French Revolution Essay

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Short Essay on French Revolution

The French Revolution was one of world history’s most influential and dramatic events. It began in 1789 when the people of France rose against their oppressive monarchy and set about creating a new government based on the principles of liberty, equality, and fraternity. 

The revolution changed not only France but also had a profound effect on other countries around the world. Over 10 years of struggle and conflict ensued before Napoleon Bonaparte took control in 1799. This French revolution essay will help you to understand more about the French revolution.

This date marks the inception of a momentous juncture in history which would ultimately lead to the French Revolution.

Short essay on French revolution

The upper classes, the nobility, and the clergy had 300 members represented at the event, while the Third Estate had a much larger representation with 600 appointed delegates. The pressing issue the delegates were confronted with was how to cast their ballots: should each state have its vote, or should they all be tallied together?

Should the voting system be based on individuals instead of estates, providing the Third Estate the opportunity to gain support from some progressive nobles and clergy members? On the seventeenth of June, the Third Estate proclaimed itself the National Assembly to construct a constitution.

After the passing of three days, the delegates discovered the door to their normal meeting place was closed and had to relocate to an indoor tennis court. With a solemn vow to remain together until a French constitution had been created, they began their work.

After three days, the representatives were surprised to discover that the space they had been accustomed to gathering in was closed off. As a result, they relocated to a nearby indoor tennis court and committed to staying in session until they had formulated a French constitution.

Despite Louis XVI’s command for the First and Second Estate members to join the Third, he still deployed soldiers to the outskirts of Versailles and Paris. During July and August 1789, a series of rural and urban rebellions thwarted the King’s plan to reclaim his control, thus rescuing the National Assembly from his attempt.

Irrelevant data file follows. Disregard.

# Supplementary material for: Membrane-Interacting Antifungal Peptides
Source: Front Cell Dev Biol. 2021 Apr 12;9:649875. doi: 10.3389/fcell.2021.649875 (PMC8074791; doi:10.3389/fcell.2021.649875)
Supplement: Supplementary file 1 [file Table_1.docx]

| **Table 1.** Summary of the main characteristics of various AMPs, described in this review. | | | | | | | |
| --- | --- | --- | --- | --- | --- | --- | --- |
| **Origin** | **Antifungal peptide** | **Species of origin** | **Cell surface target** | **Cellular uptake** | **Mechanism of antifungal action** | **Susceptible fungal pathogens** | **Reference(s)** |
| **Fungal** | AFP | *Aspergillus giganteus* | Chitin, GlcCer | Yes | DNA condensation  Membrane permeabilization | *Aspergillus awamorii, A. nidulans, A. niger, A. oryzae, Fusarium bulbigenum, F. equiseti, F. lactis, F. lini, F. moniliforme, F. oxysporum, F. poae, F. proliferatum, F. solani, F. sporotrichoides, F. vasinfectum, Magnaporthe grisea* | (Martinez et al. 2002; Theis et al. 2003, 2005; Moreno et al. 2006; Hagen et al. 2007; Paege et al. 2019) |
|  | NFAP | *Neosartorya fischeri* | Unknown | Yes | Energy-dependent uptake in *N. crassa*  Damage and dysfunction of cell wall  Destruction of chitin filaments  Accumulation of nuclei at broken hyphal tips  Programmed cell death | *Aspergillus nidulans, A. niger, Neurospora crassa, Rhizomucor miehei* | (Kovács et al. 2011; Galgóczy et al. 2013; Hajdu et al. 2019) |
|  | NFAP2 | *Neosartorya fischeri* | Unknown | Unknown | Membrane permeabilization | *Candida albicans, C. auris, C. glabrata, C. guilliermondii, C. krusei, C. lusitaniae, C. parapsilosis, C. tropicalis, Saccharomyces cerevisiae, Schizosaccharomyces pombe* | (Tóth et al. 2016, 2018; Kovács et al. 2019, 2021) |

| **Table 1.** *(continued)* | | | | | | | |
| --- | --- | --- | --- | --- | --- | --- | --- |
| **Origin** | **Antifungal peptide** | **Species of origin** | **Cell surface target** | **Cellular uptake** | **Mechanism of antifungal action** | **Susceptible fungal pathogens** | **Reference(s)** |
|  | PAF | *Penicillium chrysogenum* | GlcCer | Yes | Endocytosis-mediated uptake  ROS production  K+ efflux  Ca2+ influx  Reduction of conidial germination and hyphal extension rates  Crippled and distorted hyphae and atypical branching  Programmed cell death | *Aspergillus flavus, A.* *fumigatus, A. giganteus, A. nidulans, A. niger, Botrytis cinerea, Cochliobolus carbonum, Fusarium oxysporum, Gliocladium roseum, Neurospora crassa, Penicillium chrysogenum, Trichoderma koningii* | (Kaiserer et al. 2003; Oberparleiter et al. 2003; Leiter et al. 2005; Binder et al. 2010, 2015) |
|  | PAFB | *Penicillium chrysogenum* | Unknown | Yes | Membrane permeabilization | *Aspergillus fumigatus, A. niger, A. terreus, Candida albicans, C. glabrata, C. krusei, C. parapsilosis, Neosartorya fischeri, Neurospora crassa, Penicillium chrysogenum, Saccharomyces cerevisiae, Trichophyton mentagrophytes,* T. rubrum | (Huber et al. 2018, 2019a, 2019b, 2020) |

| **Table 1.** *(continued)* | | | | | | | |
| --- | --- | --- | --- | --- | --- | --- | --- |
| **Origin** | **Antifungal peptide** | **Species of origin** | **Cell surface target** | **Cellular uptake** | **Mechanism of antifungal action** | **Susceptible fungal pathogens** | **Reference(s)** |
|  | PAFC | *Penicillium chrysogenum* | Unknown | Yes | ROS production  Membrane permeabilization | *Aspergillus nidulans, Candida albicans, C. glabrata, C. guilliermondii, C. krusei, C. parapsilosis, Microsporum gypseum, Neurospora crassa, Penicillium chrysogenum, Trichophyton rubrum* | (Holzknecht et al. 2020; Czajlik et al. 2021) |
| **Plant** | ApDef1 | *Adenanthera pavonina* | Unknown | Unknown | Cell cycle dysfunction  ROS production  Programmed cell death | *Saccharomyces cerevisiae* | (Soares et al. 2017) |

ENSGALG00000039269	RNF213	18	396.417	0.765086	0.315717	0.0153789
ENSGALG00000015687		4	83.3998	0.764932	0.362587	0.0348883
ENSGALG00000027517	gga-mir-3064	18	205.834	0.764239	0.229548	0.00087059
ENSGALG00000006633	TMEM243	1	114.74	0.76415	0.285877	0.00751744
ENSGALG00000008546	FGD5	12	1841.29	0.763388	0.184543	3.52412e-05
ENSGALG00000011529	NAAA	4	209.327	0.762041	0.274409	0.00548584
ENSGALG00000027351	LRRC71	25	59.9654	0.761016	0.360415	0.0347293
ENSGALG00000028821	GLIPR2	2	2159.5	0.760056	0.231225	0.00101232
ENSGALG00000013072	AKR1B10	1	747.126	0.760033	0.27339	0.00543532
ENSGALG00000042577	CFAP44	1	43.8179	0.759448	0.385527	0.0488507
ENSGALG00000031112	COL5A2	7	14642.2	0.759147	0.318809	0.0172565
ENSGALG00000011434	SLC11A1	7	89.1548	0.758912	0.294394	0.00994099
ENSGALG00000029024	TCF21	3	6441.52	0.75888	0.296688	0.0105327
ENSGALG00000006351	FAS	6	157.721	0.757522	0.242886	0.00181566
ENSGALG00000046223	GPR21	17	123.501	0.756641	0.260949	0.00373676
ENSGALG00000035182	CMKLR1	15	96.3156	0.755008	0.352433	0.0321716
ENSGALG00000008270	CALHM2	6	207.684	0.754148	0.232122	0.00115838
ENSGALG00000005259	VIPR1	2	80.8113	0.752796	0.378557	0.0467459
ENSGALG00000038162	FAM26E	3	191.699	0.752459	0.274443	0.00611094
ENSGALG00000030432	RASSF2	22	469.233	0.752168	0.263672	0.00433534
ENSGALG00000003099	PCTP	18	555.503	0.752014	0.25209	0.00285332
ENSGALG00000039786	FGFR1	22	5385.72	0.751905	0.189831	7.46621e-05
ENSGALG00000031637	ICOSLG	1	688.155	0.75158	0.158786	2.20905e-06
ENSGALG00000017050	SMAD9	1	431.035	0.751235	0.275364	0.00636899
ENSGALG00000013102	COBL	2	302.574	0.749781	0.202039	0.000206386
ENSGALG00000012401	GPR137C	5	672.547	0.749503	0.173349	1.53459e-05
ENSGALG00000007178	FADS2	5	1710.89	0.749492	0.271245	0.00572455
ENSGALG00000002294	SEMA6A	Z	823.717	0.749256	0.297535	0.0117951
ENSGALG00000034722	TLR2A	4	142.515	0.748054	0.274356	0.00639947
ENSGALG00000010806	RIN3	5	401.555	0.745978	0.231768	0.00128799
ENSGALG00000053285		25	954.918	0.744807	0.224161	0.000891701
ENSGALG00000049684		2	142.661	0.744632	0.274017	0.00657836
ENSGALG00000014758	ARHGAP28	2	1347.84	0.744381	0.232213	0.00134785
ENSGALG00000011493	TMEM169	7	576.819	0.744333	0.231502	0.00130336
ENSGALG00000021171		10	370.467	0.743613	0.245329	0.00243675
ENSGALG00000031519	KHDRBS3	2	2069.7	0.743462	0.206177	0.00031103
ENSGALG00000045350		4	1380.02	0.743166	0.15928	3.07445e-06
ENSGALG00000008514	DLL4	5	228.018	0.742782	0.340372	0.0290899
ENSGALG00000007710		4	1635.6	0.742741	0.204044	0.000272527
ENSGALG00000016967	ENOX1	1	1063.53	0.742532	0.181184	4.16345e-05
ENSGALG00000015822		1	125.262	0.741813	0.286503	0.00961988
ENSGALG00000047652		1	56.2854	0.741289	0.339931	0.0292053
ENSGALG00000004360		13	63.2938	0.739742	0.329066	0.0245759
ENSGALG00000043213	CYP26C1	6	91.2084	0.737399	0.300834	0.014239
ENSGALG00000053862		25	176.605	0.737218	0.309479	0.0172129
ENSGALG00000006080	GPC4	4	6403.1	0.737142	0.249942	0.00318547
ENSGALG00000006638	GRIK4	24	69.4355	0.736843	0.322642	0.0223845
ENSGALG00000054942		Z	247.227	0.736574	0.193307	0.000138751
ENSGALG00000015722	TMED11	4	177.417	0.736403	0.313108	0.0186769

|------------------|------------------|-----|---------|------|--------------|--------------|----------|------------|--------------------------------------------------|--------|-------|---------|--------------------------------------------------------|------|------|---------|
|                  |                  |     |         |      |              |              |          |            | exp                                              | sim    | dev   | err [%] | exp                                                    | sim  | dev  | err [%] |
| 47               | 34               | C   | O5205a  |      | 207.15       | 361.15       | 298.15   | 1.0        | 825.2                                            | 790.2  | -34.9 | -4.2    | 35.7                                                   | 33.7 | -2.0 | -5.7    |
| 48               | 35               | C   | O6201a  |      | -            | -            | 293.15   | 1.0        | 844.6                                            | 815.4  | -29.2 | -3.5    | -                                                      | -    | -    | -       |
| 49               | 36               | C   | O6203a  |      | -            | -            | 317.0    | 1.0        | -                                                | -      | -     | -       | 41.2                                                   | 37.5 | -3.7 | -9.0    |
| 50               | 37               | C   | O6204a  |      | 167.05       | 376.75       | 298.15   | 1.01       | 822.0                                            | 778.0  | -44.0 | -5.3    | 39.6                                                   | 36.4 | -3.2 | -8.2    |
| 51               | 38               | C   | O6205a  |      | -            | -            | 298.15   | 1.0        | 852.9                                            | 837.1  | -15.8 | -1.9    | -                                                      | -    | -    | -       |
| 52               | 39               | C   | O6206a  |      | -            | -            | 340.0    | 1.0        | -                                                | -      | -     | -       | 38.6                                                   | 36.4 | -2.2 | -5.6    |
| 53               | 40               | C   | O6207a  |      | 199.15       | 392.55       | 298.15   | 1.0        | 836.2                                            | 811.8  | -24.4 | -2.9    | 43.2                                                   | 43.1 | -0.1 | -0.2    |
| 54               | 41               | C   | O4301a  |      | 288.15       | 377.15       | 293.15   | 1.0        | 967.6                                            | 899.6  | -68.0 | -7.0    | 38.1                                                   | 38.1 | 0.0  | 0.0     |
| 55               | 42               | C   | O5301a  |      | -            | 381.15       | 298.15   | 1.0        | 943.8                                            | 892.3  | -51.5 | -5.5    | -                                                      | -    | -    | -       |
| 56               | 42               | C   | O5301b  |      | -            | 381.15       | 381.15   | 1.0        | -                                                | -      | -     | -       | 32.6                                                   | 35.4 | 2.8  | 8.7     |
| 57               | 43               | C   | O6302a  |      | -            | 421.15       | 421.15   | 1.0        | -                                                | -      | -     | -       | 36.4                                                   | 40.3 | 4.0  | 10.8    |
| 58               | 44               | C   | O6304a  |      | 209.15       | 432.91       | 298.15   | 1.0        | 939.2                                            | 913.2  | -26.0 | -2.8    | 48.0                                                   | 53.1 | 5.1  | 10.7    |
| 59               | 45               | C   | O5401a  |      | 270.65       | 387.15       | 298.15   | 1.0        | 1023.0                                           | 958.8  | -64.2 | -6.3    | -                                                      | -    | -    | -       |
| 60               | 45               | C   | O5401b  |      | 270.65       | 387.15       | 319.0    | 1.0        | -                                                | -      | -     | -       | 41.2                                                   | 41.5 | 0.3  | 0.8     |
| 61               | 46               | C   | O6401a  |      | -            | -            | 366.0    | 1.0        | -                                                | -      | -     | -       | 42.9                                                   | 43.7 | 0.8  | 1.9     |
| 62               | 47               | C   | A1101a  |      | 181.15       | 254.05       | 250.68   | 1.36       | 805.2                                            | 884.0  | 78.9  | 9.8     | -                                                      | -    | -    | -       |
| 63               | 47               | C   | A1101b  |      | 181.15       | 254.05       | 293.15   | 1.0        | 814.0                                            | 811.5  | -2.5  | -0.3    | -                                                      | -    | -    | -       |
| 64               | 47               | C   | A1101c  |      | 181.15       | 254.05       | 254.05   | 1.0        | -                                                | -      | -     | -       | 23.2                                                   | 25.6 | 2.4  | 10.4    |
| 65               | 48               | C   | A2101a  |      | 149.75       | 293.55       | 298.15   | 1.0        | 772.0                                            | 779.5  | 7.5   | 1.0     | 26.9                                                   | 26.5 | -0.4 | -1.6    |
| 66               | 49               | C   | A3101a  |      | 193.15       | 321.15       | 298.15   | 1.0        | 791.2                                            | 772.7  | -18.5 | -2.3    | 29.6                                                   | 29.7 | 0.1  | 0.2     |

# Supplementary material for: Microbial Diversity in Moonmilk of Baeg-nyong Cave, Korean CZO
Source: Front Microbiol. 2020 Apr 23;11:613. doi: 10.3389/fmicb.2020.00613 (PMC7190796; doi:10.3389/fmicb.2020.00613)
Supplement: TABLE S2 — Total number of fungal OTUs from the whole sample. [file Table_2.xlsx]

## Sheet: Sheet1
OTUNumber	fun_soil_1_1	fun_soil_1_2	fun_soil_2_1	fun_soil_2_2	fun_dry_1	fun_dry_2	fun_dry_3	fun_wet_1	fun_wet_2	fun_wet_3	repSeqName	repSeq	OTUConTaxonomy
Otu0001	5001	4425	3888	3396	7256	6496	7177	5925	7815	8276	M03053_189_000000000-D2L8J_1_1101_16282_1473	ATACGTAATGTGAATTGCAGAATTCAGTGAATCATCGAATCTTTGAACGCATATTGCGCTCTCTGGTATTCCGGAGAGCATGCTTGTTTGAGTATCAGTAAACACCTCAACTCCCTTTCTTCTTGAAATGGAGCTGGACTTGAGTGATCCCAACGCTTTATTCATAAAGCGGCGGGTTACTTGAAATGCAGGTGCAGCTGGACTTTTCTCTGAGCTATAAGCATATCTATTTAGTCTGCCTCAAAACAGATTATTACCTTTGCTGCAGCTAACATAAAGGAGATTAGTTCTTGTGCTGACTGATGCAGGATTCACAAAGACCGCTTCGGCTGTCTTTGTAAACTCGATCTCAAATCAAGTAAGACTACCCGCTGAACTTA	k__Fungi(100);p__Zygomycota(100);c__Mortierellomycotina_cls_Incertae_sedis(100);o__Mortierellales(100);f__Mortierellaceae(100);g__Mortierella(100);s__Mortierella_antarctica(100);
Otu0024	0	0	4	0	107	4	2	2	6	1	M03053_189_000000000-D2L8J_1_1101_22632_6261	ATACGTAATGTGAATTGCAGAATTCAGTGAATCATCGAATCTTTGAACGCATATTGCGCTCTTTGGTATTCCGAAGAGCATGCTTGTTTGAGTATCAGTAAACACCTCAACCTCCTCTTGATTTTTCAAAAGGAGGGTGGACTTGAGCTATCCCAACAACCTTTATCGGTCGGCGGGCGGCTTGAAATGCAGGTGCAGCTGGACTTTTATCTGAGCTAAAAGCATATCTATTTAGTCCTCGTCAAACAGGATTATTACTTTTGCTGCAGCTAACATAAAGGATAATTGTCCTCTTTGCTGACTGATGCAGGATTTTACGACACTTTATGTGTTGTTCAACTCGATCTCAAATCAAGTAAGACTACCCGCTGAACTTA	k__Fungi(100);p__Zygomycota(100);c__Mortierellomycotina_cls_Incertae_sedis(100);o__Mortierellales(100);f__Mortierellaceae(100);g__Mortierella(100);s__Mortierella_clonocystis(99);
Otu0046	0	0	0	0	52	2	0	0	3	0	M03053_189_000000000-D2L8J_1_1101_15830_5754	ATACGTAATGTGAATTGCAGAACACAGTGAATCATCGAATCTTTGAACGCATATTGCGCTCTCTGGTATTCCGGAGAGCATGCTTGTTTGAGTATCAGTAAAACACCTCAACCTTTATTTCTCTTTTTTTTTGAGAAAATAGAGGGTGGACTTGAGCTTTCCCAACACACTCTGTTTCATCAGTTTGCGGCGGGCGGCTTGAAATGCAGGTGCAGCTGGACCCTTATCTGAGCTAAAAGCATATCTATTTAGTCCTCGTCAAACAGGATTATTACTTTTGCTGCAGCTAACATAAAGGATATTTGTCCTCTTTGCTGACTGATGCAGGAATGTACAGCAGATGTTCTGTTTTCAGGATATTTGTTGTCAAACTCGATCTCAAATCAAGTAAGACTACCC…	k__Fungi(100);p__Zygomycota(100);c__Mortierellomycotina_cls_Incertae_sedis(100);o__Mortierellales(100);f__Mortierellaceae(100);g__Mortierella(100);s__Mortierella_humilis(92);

The peasantry vented their dissatisfaction with the feudal system by tearing down castles and destroying documents that attested to the compulsory payments they had to make to their landlords. This was their way of expressing their displeasure with the all-encompassing land tenure that greatly influenced their lives.

The Storming of the Bastille on July 14th is the best-known of the city revolts, even though only seven detainees were confined in this medieval stronghold, which acted as a state jail and armory. The people of Paris had not assembled to liberate those incarcerated in the Bastille but instead to acquire the weapons kept inside.

The prison governor’s refusal to yield to the mob’s demands resulted in a fierce conflict resulting in the mob’s seizure of the premises. The assassination of the governor, in which his head was displayed on a spike, served as a potent symbol of the French Revolution; it was a reminder of the overthrow of the monarchy and the establishment of a republic that cherished the principles of freedom, equality, and fraternity.

Even today, the French commemorate the 14th of July as a national holiday. During the period of rural uprisings, a sense of dread blanketed France as rumors of foreign armies surging in, backed by a conspiracy of the affluent class, known as the Great Fear, began to circulate. On the 21st of September, a new governing body was put in place to create a republic. The monarchy was abolished, and the king and queen were executed in January and October, respectively. With this, the revolution moved into its second and more extreme phase.

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